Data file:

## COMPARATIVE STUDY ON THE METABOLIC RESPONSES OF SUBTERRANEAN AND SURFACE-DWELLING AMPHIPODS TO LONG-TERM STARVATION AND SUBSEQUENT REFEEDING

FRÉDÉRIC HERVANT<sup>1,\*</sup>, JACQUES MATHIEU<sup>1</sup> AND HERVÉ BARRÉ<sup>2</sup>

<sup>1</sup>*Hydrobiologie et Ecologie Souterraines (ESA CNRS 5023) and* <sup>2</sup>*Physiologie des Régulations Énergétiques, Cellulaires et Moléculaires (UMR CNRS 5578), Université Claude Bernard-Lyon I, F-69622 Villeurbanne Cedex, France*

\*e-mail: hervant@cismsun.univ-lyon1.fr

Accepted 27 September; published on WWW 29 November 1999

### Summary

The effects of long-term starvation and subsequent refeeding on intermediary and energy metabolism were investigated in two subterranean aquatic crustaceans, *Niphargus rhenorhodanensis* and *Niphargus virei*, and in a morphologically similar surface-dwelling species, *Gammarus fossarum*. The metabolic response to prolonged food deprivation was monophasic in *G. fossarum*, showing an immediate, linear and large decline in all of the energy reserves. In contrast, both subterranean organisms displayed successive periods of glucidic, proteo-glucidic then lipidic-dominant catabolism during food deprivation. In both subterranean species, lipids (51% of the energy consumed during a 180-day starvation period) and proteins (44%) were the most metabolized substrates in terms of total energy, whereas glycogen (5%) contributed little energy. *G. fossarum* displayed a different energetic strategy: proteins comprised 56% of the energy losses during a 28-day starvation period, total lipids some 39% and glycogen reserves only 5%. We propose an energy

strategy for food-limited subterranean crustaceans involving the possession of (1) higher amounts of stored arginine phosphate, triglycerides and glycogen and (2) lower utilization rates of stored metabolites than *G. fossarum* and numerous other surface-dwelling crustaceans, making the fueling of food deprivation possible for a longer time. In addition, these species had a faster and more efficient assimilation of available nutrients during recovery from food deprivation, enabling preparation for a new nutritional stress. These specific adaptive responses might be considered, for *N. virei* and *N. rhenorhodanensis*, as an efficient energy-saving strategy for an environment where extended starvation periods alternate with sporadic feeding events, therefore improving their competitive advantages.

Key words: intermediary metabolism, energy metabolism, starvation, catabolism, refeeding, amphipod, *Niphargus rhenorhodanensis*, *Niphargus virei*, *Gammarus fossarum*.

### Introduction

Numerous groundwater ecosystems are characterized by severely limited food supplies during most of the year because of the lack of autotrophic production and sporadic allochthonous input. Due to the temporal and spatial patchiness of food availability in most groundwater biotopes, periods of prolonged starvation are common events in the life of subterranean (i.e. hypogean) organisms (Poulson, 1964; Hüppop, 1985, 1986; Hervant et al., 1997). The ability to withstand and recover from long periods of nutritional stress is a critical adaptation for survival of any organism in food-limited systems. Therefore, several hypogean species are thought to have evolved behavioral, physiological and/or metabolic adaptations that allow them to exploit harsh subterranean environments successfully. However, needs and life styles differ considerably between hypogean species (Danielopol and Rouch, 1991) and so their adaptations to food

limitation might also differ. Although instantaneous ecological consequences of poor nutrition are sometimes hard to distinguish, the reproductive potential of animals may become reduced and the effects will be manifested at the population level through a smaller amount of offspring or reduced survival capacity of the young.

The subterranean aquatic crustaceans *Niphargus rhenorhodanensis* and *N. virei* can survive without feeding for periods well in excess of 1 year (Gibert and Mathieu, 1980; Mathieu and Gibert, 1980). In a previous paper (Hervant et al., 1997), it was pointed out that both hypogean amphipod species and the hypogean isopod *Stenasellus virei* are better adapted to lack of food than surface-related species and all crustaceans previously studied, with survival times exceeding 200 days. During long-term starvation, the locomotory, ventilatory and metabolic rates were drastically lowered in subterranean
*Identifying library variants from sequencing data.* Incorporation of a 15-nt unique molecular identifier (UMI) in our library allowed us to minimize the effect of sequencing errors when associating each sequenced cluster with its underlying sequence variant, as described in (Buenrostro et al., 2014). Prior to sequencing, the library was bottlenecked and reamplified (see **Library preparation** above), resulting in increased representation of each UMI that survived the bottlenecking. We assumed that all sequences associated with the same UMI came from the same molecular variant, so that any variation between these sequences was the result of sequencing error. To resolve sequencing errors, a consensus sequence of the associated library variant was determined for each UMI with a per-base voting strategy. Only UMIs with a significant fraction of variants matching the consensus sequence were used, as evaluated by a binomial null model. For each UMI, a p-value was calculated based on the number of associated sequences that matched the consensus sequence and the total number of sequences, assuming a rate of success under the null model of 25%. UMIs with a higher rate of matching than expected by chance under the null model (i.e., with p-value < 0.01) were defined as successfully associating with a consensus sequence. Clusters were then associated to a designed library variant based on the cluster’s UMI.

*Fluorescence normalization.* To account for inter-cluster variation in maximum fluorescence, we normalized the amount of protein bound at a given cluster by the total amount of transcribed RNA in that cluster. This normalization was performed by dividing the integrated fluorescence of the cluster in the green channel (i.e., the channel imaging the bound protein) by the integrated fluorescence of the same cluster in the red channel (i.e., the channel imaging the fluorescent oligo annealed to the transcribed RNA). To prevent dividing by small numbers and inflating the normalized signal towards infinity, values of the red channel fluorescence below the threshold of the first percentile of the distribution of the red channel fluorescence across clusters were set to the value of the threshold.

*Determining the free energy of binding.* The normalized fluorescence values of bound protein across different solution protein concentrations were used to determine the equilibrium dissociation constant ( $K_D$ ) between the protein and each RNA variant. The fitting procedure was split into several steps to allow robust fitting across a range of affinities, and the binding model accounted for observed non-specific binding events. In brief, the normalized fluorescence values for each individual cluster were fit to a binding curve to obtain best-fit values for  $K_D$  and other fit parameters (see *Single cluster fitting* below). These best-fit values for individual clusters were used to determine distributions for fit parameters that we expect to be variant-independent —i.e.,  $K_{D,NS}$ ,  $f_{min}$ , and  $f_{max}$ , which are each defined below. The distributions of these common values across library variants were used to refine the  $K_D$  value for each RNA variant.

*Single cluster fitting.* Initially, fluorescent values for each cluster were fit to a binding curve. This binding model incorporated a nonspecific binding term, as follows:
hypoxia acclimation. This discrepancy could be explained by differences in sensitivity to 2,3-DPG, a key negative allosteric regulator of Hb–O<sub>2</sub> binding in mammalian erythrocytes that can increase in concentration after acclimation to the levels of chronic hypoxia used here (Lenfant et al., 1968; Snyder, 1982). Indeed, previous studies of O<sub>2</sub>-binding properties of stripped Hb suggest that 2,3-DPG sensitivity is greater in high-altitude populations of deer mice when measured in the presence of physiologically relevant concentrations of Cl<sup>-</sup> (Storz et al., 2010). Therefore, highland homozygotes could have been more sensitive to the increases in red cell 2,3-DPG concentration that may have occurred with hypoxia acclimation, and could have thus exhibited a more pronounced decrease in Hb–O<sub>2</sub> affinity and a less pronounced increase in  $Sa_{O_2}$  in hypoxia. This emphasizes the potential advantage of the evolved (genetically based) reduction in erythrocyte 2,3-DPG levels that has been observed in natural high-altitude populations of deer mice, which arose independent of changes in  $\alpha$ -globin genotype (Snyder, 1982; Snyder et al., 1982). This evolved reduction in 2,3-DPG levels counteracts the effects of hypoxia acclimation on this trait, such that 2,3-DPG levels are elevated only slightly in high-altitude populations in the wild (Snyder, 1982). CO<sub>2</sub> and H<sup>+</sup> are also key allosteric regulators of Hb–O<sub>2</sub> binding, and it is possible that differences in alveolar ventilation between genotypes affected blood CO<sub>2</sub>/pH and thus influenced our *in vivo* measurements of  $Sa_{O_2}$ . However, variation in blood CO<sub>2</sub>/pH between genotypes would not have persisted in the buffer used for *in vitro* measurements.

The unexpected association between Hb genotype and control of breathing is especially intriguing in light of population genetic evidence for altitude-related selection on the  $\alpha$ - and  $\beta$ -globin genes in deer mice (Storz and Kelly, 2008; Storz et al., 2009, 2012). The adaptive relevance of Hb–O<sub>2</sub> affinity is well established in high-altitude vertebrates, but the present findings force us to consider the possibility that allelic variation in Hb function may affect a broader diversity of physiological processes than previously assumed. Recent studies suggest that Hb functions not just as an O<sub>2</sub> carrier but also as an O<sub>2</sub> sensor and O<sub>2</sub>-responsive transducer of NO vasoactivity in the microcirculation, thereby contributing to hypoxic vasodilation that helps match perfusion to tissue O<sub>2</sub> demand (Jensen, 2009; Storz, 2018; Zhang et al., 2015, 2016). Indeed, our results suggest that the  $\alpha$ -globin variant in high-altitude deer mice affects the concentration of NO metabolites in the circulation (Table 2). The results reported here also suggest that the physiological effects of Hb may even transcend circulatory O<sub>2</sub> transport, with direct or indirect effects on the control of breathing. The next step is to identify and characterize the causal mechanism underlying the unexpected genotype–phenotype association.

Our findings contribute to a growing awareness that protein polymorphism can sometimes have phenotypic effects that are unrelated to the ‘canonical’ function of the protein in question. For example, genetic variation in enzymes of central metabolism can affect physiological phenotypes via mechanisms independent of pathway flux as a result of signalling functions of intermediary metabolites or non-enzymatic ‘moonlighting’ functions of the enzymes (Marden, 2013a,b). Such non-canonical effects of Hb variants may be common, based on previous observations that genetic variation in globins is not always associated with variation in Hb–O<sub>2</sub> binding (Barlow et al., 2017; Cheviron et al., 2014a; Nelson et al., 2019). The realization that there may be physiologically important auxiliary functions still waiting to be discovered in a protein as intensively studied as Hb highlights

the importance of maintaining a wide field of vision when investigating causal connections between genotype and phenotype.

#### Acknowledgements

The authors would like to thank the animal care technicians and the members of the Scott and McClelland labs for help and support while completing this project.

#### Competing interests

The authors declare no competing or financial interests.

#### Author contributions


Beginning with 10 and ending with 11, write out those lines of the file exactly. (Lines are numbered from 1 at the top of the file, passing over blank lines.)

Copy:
### Introduction

Numerous groundwater ecosystems are characterized by severely limited food supplies during most of the year because of the lack of autotrophic production and sporadic allochthonous input. Due to the temporal and spatial patchiness of food availability in most groundwater biotopes, periods of prolonged starvation are common events in the life of subterranean (i.e. hypogean) organisms (Poulson, 1964; Hüppop, 1985, 1986; Hervant et al., 1997). The ability to withstand and recover from long periods of nutritional stress is a critical adaptation for survival of any organism in food-limited systems. Therefore, several hypogean species are thought to have evolved behavioral, physiological and/or metabolic adaptations that allow them to exploit harsh subterranean environments successfully. However, needs and life styles differ considerably between hypogean species (Danielopol and Rouch, 1991) and so their adaptations to food